Susan Walsh / AP
The palpable robotic arm enabled the paralyzed man to quickly perform tasks such as pouring water from one cup to another.
The robotic arm provides haptic feedback directly to the man’s brain as he uses his thoughts to control the device as a team the report Thursday in the magazine Science.
Previous versions of the arm had required the participant, Nathan Copeland, to direct the arm only visually.
“When I only received a visual response, I could see that the hand had touched the body,” Copeland says. “But sometimes I picked it up and fell off.”
Model Copeland also took about 20 seconds to complete. He says, “Through sensory responses, he was able to complete it in 10” Jennifer Collinger, Associate Professor in the Department of Physical Medicine and Rehabilitation at the University of Pittsburgh.
Collinger says haptic information is important for prosthetic use because it is difficult to grasp an object that you are not feeling.
“Even something as simple as picking up a cup and trying to maintain the correct amount of pressure while moving it to a different location depends a lot on the tactile feedback of your hand,” she says.
So Collinger and a team of researchers spent years researching ways to add sensory responses to a robotic arm and hand.
The team has worked with Copeland, who was paralyzed as a teenager over 15 years ago. He learned to control robotic arm movements using a brain computer interface.
The team began by placing electrodes in a region of Copeland’s brain that processes sensory information. This allowed them to use electrical impulses to simulate a range of sensations.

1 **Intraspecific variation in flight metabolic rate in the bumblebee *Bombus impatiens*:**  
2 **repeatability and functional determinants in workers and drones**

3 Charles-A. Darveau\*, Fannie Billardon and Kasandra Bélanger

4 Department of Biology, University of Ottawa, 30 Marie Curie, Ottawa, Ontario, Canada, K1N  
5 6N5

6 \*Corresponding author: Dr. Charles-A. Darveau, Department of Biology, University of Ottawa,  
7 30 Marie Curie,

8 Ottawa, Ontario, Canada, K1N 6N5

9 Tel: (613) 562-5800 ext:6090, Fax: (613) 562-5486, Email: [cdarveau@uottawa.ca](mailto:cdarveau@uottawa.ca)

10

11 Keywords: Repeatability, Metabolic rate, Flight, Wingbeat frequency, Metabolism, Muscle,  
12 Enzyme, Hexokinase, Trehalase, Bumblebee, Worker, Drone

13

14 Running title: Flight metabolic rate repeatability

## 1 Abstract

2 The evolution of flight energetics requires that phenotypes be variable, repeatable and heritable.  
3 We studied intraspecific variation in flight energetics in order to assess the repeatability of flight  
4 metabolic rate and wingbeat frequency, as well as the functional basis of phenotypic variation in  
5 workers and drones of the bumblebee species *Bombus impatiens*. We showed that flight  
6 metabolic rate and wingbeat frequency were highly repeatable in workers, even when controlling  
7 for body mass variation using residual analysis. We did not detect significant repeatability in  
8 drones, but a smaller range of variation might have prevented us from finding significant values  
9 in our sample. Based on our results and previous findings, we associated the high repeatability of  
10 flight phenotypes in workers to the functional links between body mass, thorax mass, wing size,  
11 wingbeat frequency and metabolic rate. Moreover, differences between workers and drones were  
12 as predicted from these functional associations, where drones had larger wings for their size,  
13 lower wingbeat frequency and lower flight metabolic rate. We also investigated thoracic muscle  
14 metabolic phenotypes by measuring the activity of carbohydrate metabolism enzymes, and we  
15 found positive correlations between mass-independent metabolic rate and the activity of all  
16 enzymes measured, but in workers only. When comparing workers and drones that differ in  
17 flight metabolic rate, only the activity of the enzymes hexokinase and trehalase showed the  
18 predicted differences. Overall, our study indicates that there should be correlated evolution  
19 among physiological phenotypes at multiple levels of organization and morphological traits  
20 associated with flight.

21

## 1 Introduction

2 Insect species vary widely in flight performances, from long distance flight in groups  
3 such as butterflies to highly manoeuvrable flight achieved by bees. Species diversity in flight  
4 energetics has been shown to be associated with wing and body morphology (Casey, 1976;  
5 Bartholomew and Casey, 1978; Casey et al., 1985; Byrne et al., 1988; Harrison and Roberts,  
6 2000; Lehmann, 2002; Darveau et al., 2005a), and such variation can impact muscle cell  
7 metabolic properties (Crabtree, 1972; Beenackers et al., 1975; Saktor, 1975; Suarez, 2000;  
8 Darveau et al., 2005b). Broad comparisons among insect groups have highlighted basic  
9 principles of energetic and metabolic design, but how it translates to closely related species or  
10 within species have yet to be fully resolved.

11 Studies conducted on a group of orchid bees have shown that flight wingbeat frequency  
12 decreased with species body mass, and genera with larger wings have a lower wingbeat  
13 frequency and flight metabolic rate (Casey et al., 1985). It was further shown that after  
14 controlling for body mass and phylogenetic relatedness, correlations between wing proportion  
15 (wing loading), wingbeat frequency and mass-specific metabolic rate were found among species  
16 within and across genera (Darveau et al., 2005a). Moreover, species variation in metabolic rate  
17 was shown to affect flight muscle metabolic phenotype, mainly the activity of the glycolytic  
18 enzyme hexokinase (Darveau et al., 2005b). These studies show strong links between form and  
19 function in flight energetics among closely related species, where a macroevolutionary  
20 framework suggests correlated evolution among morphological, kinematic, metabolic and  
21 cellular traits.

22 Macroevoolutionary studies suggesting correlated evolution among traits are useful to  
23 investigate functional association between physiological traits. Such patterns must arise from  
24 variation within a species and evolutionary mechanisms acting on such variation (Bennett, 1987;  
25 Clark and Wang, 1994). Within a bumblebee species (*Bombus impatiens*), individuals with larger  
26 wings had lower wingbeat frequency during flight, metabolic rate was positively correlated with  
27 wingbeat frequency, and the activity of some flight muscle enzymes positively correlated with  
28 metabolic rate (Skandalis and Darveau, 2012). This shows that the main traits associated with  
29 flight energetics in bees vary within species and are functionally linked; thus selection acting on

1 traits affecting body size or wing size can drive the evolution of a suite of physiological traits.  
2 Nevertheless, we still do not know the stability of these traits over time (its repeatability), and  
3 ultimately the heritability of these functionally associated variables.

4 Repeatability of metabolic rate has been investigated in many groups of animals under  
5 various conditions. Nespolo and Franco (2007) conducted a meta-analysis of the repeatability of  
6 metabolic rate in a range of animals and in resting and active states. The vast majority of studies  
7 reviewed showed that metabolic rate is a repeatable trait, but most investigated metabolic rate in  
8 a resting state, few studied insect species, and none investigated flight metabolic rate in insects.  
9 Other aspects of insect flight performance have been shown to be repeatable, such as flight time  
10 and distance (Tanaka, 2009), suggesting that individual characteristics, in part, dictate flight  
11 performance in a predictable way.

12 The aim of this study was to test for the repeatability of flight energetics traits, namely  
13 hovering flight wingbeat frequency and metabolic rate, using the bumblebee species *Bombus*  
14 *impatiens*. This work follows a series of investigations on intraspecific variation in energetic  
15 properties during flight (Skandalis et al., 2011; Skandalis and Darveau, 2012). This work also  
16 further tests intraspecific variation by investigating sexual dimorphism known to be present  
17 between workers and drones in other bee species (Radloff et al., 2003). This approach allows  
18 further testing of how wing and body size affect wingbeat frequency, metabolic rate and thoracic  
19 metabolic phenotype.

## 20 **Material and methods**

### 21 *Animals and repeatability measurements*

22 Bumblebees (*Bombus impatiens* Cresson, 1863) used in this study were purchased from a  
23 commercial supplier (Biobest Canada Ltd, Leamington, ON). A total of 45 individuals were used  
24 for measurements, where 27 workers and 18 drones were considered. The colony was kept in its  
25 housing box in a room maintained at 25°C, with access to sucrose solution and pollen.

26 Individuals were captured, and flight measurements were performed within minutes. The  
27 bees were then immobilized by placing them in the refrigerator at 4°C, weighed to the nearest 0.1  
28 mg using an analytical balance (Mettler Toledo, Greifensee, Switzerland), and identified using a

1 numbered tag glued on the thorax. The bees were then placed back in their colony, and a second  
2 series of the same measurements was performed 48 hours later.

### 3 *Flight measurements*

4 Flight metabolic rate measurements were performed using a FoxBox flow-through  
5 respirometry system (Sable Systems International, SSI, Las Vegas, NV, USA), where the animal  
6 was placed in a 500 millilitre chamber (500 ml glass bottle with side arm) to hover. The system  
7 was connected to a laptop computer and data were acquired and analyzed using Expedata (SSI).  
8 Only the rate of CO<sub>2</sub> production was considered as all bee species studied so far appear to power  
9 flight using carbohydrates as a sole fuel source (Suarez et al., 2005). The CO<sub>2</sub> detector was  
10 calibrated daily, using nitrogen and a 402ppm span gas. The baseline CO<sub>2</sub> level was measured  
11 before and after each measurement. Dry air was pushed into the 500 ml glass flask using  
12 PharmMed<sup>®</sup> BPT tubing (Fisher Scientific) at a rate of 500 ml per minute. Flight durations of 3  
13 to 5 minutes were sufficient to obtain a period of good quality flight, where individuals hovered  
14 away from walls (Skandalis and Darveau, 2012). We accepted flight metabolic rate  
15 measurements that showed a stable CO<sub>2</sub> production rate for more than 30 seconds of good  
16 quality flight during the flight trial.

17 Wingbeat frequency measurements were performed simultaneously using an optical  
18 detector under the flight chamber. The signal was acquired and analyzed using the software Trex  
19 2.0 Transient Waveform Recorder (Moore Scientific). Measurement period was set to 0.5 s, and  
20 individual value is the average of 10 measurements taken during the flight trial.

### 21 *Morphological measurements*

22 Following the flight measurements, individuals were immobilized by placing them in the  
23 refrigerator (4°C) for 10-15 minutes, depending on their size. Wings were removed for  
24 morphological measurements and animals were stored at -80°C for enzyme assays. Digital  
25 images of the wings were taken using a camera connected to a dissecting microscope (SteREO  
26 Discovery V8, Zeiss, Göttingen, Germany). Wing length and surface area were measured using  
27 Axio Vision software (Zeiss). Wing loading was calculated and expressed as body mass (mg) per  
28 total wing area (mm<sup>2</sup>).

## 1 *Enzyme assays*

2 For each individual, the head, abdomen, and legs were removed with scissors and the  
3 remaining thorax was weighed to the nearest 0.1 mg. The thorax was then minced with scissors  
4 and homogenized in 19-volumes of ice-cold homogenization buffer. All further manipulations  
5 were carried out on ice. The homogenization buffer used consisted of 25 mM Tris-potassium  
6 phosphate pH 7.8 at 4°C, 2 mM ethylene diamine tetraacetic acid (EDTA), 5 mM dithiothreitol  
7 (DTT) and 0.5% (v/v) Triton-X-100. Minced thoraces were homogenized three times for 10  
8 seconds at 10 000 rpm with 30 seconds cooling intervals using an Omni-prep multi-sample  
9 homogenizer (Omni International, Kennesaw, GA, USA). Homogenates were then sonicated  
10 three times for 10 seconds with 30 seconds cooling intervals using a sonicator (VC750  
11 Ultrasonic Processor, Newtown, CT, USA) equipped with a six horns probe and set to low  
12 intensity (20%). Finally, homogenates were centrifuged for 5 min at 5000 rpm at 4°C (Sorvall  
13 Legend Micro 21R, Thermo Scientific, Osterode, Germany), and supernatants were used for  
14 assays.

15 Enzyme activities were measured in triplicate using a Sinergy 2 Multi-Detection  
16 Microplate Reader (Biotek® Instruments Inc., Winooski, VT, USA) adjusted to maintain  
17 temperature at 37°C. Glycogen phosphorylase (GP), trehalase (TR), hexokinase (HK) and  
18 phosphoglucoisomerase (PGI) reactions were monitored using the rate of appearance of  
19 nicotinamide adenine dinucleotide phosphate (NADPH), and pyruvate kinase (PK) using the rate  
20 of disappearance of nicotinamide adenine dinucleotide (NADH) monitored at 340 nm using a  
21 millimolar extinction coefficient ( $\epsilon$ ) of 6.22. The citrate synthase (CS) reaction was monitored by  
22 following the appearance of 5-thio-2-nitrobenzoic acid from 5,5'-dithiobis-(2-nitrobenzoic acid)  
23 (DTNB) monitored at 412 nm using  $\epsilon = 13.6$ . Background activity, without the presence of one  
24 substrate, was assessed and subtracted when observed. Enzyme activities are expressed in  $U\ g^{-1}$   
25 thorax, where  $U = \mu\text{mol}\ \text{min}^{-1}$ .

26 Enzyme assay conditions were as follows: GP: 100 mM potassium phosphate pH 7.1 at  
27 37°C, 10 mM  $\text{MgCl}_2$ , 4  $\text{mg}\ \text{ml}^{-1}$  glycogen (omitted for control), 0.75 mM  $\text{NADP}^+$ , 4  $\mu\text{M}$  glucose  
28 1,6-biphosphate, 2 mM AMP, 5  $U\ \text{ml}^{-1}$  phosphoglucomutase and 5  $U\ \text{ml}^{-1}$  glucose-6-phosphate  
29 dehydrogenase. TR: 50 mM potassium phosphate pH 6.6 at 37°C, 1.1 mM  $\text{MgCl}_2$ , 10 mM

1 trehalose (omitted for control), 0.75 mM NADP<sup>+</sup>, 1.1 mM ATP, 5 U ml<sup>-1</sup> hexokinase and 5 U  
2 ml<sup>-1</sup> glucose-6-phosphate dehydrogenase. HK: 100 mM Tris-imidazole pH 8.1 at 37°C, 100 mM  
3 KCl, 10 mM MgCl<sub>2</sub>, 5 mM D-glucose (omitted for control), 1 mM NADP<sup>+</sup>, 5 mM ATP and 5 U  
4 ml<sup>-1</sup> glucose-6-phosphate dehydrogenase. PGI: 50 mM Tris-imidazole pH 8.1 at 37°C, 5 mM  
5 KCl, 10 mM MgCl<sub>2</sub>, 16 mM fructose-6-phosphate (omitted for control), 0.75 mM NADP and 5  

“It turned out that stimulation in the fingertip-related areas of the brain triggered sensations that felt as if they were coming from the participant’s hand,” Collinger says.
The team then discovered how to generate these signals when the hand and the robotic arm are touching an object. The final step was timing Copeland while performing tasks such as capturing a block or pouring water, with and without haptic feedback.
The results showed that Copeland was able to complete some manual tasks at the speed of someone’s use.
“The sensation will actually change its intensity based on the amount of force the hand exerts on the body,” says Copeland. “So I can also see if I’m holding it tightly or not.”
As an added bonus, Copeland says adding the sense of touch is obtained by using the robotic arm in a more natural way.
“The controls are so intuitive that I think of things as if I were moving my arm,” he says.
He says the results have implications that extend beyond robotic arms Jeremy de BrownJohn C. Malone, Associate Professor in the Department of Mechanical Engineering at Johns Hopkins University.
He also says that high-tech prosthetics work best when they mimic the sense of touch. Some do this by vibrating or providing another form of haptic feedback – the same approach many smartphones use to help users type on the screen.
The newest prosthesis, Brown says, “works just like our natural limbs.” It can bend at the elbow, rotate around the wrist and grip the fingers.
“But when you give someone the power to control these things so that they have their touch,” he says, “it’s difficult.”
He says that most sensors only have rudimentary capabilities, such as detecting resistance or temperature.
When his hand touches something, Brown says: “I feel pressure, I feel slipping, I feel if the body is wet or dry, I can feel the touch, I know if it is rough and if it is smooth.”
Scientists are just beginning to learn how to make artificial hands and fingers that can detect these subtle features of an object. Because prosthetics or prosthetics provide more sensory feedback, Brown says they will be more beneficial.
But he says the sense of touch is more than just an increase in dexterity.
“It’s not just about being able to enter your pocket and get your keys,” he says. “It’s also the ability to hold a loved one’s hand and feel this emotional attachment.”